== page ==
Vanessa Harbour is exploring the limits of free speech in a different way, with an great post about the right (and the very, very wrong) way to treat editors and agents. If you've ever tried to slide your manuscript under a toilet cubicle door, then Vanessa's blog is required reading!
Whether you're a teenager or not, Nicola Morgan's article for the Guardian Children's Books site on beating the January blues is well worth a read.
K.M. Lockwood is going all Gothic on us this week, reporting on a British Library panel discussion with Chris Riddell, Chris Priestley and Sally Gardner to support the Terror and Wonder: The Gothic Imagination exhibition.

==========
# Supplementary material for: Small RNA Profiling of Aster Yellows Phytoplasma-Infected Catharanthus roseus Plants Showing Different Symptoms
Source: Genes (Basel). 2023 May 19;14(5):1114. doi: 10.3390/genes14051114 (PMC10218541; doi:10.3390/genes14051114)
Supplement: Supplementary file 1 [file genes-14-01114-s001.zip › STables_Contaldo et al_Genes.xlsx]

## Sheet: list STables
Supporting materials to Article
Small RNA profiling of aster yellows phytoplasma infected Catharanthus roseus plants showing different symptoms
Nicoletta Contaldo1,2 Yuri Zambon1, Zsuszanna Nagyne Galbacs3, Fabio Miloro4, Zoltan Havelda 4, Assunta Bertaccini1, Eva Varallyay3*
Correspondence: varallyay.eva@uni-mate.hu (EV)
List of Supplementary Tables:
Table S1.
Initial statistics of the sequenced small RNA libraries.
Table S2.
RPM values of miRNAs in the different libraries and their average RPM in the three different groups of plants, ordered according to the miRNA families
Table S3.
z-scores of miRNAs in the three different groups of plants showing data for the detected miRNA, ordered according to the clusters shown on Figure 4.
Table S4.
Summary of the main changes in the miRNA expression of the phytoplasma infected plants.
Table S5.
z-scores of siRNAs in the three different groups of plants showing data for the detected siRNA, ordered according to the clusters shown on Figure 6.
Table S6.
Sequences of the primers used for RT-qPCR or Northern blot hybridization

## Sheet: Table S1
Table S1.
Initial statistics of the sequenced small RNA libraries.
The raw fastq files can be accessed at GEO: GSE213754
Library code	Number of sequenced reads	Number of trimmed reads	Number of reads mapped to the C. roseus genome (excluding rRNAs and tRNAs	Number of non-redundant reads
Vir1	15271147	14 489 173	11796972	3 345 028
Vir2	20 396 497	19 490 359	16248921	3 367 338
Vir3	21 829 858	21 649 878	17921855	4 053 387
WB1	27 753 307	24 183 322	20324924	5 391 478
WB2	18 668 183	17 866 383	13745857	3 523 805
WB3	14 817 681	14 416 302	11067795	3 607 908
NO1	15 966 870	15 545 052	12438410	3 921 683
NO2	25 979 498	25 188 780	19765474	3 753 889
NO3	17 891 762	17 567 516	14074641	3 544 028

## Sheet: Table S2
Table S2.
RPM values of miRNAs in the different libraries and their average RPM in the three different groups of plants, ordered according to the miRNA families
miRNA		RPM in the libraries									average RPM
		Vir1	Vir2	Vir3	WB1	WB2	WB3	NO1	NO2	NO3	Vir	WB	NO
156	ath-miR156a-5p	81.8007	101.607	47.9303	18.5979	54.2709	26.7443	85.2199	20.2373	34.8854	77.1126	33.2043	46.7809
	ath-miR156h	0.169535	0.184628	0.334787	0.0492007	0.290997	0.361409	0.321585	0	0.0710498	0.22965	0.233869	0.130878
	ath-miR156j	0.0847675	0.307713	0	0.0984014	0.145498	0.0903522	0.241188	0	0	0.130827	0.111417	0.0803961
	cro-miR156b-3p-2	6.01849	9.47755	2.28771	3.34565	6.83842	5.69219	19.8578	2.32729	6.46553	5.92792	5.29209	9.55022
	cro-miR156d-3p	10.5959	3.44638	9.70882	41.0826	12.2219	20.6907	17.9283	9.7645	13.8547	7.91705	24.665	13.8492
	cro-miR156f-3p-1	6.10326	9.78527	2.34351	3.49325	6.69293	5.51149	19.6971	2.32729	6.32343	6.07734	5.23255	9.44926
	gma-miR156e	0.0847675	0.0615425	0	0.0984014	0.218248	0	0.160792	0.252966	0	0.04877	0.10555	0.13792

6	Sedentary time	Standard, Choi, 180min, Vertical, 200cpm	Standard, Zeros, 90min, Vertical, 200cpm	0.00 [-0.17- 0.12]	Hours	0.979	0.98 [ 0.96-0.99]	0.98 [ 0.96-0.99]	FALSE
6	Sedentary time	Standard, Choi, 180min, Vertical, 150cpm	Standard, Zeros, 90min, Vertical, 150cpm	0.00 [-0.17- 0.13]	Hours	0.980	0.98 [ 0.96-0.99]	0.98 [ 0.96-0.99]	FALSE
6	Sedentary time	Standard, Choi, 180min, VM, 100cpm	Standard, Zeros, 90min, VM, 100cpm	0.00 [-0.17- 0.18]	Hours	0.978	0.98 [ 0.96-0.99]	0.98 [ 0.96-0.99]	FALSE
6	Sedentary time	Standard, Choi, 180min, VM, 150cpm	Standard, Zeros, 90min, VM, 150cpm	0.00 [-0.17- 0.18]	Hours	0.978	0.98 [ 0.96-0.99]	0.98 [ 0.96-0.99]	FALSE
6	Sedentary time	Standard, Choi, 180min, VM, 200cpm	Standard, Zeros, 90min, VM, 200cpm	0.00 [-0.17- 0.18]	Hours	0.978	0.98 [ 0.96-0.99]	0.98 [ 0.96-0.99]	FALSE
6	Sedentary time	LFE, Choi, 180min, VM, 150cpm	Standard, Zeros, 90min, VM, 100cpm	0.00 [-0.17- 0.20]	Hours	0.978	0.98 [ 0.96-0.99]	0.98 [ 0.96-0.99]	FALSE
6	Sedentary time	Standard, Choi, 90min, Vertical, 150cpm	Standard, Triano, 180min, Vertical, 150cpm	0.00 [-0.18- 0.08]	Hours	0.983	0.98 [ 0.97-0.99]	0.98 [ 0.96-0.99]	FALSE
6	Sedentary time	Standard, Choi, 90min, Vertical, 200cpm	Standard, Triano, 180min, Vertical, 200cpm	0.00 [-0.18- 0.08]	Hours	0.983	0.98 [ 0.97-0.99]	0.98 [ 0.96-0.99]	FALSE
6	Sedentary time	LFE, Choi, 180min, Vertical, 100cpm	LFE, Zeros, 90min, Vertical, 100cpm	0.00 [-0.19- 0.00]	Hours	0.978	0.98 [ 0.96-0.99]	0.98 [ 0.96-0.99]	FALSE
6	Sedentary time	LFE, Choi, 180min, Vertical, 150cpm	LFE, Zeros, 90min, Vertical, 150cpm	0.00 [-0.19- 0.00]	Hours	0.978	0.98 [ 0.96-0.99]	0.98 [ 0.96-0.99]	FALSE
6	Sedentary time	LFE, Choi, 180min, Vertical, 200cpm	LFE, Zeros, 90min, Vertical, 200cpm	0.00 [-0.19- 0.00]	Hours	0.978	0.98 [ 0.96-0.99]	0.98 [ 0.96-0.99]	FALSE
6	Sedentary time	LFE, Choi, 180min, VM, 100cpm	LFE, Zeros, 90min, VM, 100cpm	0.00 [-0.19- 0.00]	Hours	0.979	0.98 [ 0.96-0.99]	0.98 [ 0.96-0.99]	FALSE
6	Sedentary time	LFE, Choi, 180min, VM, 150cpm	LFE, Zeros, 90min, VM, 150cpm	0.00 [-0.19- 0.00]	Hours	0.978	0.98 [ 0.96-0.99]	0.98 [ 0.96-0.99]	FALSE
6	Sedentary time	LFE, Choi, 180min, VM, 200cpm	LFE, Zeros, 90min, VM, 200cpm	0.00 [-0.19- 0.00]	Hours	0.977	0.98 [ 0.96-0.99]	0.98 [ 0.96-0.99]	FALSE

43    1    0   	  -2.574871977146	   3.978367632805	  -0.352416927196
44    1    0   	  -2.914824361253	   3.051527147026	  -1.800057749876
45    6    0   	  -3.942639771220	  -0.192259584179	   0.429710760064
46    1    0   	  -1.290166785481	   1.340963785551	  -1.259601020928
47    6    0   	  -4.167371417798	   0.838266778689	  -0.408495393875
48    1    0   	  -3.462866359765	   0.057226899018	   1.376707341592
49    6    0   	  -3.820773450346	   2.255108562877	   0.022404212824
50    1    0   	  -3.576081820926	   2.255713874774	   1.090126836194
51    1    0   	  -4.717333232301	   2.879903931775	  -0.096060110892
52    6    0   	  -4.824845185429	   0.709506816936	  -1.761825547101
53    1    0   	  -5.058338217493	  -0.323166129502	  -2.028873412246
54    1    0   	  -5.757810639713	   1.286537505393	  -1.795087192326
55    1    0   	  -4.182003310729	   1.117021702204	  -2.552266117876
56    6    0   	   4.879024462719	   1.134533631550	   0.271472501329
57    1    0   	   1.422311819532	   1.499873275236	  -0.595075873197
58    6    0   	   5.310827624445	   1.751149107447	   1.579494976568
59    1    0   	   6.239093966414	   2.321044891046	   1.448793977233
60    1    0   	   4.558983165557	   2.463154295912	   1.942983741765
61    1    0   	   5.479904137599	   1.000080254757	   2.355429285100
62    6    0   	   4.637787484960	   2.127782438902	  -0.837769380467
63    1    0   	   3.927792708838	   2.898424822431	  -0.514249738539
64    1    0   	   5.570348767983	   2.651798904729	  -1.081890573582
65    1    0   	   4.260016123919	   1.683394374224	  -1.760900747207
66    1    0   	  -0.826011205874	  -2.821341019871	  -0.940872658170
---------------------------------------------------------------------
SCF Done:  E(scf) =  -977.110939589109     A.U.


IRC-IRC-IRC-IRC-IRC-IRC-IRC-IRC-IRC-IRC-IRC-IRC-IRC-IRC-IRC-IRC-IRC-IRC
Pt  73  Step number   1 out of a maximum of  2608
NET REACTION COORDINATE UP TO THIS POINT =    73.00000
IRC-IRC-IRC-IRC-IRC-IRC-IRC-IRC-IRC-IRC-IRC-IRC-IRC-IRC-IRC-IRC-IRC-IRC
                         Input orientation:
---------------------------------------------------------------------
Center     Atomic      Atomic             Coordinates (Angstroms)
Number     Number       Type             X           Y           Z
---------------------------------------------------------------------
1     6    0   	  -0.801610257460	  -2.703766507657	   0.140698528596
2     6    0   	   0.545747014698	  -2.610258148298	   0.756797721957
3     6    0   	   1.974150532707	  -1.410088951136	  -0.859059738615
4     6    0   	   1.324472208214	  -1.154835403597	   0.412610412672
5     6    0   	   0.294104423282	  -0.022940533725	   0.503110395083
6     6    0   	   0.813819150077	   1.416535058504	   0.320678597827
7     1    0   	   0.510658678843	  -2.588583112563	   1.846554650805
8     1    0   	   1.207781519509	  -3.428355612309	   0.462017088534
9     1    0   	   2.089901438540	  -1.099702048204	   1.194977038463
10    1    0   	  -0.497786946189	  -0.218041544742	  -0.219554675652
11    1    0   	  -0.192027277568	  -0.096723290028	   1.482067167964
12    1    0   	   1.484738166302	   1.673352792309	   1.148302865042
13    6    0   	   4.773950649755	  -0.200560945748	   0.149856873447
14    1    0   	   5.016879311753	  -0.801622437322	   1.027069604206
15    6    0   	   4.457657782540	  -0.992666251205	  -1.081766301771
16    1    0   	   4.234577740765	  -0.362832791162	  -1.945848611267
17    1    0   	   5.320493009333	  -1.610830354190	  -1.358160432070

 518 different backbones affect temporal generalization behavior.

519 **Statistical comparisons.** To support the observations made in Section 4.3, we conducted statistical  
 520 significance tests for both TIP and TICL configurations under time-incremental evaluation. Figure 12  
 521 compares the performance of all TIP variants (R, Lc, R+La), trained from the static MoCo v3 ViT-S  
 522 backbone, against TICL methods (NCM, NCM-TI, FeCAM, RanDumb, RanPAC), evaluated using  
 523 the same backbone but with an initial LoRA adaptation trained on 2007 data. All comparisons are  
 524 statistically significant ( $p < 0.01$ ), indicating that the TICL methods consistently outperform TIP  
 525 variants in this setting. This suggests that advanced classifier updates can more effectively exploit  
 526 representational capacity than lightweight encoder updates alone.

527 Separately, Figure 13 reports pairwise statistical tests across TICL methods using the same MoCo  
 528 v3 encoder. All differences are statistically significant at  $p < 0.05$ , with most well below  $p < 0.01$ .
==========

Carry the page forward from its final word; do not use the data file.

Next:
Not content with turning up on the Blog Break last week, Liz Flanagan has another excellent author interview on her blog, with Sally Green. Sally, who found success rather suddenly with her debut novel Half Bad, talks frankly about the editorial process and shares some tips on breaking through.
You wouldn't fix a leaking tap without the proper tools*, so why start on a picture book without your writer's tool kit? Kate Peridot continues her excellent practical series with a whole host of techniques to make your writing stand out.
Last, but definitely not least, we find Dave Cousins baking rock cakes and celebrating his nan in a lovely blog post. You've heard of literary heroines? Well, Dave's nan was a veritable literacy heroine, who set Dave on the path to becoming a writer.
* OK, so you might just call a plumber, but that's not really the point.
Nick Cross is an Undiscovered Voices winner who writes children's short fiction for Stew Magazine.
On his blog, Nick is thinking about flashbacks, and their use as a narrative device: Flashback to the Future.